Truth is this job is about national freaking security. And the requirements are to not trust anyone, ever. This is not an opportunity to be Donald Trump’s Apprentice. This is national security. The paranoid and dim-witted are scooped up to stand hours upon hours to look at us, to evaluate in one second whether we are safe to be contained on a tin-tank flying in the air for more than a couple of hours. There were problems with the whole approach from the very beginning. The original concept of TSA is flawed. This is not so much about individual security as it is about gathering secured information. And who best to execute such a crime against basic human privacy? That job would belong to the most mistrusting, defeatists, no-hopers available at any moment.

“It's just part of a pattern of we are not vetting these candidates clearly," Sen. Jim DeMint (R-S.C.) told Fox News. You’d think he was talking about the general intelligence, people-skills, and qualifications that TSA screeners possess in order to do the job effectively. No. Sen. DeMint has concerns that TSA screeners will unionize. And that would be really bad because it goes against oligarchy. I just don’t see a TSA Union as being anything other than complete compliant with the status quo. TSA has been in existence for less than a decade and they are already status quo. TSA screeners have to know about the long-term affects of over exposure to radiation scanners and they will simply not believe the studies or they value their jobs as being more important than their health. “Would you help a stranger?” TSA screeners are trained to be the new breed of the perfect victim of Stockholm syndrome, wherein hostages or victims have irrational positive feelings towards their captors and feel protective toward them.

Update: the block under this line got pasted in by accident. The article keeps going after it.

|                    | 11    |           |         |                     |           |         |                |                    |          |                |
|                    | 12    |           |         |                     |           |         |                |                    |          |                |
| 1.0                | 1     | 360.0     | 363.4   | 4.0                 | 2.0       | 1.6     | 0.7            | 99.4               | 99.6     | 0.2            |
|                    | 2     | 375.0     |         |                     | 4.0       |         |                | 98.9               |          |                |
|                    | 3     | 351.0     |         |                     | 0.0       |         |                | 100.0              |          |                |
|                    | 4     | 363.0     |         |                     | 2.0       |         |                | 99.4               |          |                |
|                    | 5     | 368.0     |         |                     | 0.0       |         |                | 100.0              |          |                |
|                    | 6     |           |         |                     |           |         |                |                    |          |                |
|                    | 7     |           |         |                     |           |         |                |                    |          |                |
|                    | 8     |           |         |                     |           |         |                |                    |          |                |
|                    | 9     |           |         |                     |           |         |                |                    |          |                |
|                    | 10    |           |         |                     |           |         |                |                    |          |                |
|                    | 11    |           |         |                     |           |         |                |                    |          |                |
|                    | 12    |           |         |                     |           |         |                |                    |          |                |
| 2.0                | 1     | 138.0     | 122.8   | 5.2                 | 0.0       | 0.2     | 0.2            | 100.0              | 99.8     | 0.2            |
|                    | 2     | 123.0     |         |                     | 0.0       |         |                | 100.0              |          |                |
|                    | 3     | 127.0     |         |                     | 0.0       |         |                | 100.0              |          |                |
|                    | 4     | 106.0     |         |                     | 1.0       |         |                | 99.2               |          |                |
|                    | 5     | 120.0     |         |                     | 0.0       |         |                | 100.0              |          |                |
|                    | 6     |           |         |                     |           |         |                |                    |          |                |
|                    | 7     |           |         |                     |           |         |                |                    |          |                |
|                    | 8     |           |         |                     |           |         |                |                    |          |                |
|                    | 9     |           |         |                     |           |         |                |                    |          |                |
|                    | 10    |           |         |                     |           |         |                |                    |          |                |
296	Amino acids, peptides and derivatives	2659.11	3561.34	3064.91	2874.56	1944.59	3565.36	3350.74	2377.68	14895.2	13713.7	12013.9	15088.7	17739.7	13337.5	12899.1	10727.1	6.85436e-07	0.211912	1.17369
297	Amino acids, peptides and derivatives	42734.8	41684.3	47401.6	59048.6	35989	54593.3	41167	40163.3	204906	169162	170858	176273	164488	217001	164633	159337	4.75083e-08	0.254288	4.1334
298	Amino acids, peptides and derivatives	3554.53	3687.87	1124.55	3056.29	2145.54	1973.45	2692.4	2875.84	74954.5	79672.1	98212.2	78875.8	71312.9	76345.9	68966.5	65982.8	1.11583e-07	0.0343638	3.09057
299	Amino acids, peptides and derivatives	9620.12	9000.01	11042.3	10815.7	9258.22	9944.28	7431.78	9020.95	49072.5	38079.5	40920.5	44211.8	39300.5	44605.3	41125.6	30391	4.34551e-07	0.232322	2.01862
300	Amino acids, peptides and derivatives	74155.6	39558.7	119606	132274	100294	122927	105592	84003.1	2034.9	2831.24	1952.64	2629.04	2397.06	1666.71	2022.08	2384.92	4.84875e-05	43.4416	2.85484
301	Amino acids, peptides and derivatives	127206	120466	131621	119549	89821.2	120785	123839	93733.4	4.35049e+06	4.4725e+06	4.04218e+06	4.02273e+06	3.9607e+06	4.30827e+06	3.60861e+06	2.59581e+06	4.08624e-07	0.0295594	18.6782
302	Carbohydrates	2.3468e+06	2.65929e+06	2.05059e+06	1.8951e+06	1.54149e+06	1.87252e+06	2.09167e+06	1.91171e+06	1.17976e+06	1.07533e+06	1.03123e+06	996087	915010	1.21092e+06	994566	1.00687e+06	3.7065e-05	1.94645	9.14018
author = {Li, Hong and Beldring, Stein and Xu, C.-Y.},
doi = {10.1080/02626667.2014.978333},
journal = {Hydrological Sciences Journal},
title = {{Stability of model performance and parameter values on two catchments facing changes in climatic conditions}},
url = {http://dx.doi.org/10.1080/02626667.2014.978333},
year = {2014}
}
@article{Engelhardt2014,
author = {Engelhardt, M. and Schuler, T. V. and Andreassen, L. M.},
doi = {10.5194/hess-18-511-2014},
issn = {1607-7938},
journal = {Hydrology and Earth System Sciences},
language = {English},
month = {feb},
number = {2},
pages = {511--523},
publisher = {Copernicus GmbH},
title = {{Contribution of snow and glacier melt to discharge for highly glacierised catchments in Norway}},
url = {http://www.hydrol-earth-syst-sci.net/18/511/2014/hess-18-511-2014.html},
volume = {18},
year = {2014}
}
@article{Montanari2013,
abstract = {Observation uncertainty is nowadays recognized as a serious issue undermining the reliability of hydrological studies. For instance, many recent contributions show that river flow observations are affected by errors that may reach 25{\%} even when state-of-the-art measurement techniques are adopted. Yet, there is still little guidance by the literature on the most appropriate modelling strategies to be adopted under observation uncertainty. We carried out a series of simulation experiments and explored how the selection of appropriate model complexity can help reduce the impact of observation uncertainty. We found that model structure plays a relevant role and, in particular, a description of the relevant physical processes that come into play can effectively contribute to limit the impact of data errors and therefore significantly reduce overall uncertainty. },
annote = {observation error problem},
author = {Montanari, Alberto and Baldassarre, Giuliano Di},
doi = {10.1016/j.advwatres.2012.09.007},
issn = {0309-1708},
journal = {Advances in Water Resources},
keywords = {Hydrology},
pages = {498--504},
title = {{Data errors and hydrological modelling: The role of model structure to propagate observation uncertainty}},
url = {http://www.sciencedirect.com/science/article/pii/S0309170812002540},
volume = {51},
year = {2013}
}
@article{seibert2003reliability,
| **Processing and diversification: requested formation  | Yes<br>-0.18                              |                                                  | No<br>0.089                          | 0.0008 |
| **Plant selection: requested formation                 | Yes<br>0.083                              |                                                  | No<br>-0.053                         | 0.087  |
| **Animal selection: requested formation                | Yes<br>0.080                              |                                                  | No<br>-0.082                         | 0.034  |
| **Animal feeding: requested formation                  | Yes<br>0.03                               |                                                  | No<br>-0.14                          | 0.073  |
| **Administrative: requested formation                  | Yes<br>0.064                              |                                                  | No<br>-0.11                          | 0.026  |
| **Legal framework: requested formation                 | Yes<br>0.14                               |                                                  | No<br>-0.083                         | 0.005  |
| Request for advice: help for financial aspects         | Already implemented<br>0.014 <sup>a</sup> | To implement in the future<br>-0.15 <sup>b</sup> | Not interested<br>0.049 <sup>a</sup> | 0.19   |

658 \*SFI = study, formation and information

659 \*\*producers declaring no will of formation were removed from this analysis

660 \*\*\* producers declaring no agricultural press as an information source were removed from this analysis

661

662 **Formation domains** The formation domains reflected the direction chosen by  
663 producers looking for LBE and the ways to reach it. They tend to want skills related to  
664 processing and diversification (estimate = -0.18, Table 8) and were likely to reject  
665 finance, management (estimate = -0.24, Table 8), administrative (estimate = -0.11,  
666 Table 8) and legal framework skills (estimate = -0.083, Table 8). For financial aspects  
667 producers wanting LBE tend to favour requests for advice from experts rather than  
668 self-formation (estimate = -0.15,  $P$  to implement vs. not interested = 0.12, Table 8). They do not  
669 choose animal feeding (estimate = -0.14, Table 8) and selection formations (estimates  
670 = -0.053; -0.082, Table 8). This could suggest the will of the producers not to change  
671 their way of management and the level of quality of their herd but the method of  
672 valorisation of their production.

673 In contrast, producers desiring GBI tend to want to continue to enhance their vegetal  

It is a scary would in which we live. Let us not forget that we had a hand in creating this world. Let us not forget that we have a hand in creating the future.

I don’t know the answer. Truth be known, I don’t know enough to have a solution. None of us reading this will have enough information to effectively evaluate the situation. So let us begin with what we always begin with- awareness. It worked for Red Dye #5 and seat belts. Be aware that TSA employees can only do what it says to do in the manual. They follow directions without questions, they do not make decisions, and they will never ever utter an original thought. Now could you do that job?

By the time I found my way home from that spec of a hotel on the off-ramp out by the airport, the efficiency of the testing center was startling. I had an email confirming, in their to-the-point manner, the TSA will not be offering me employment. “Good luck with your future opportunities.” Na, it didn’t really say that.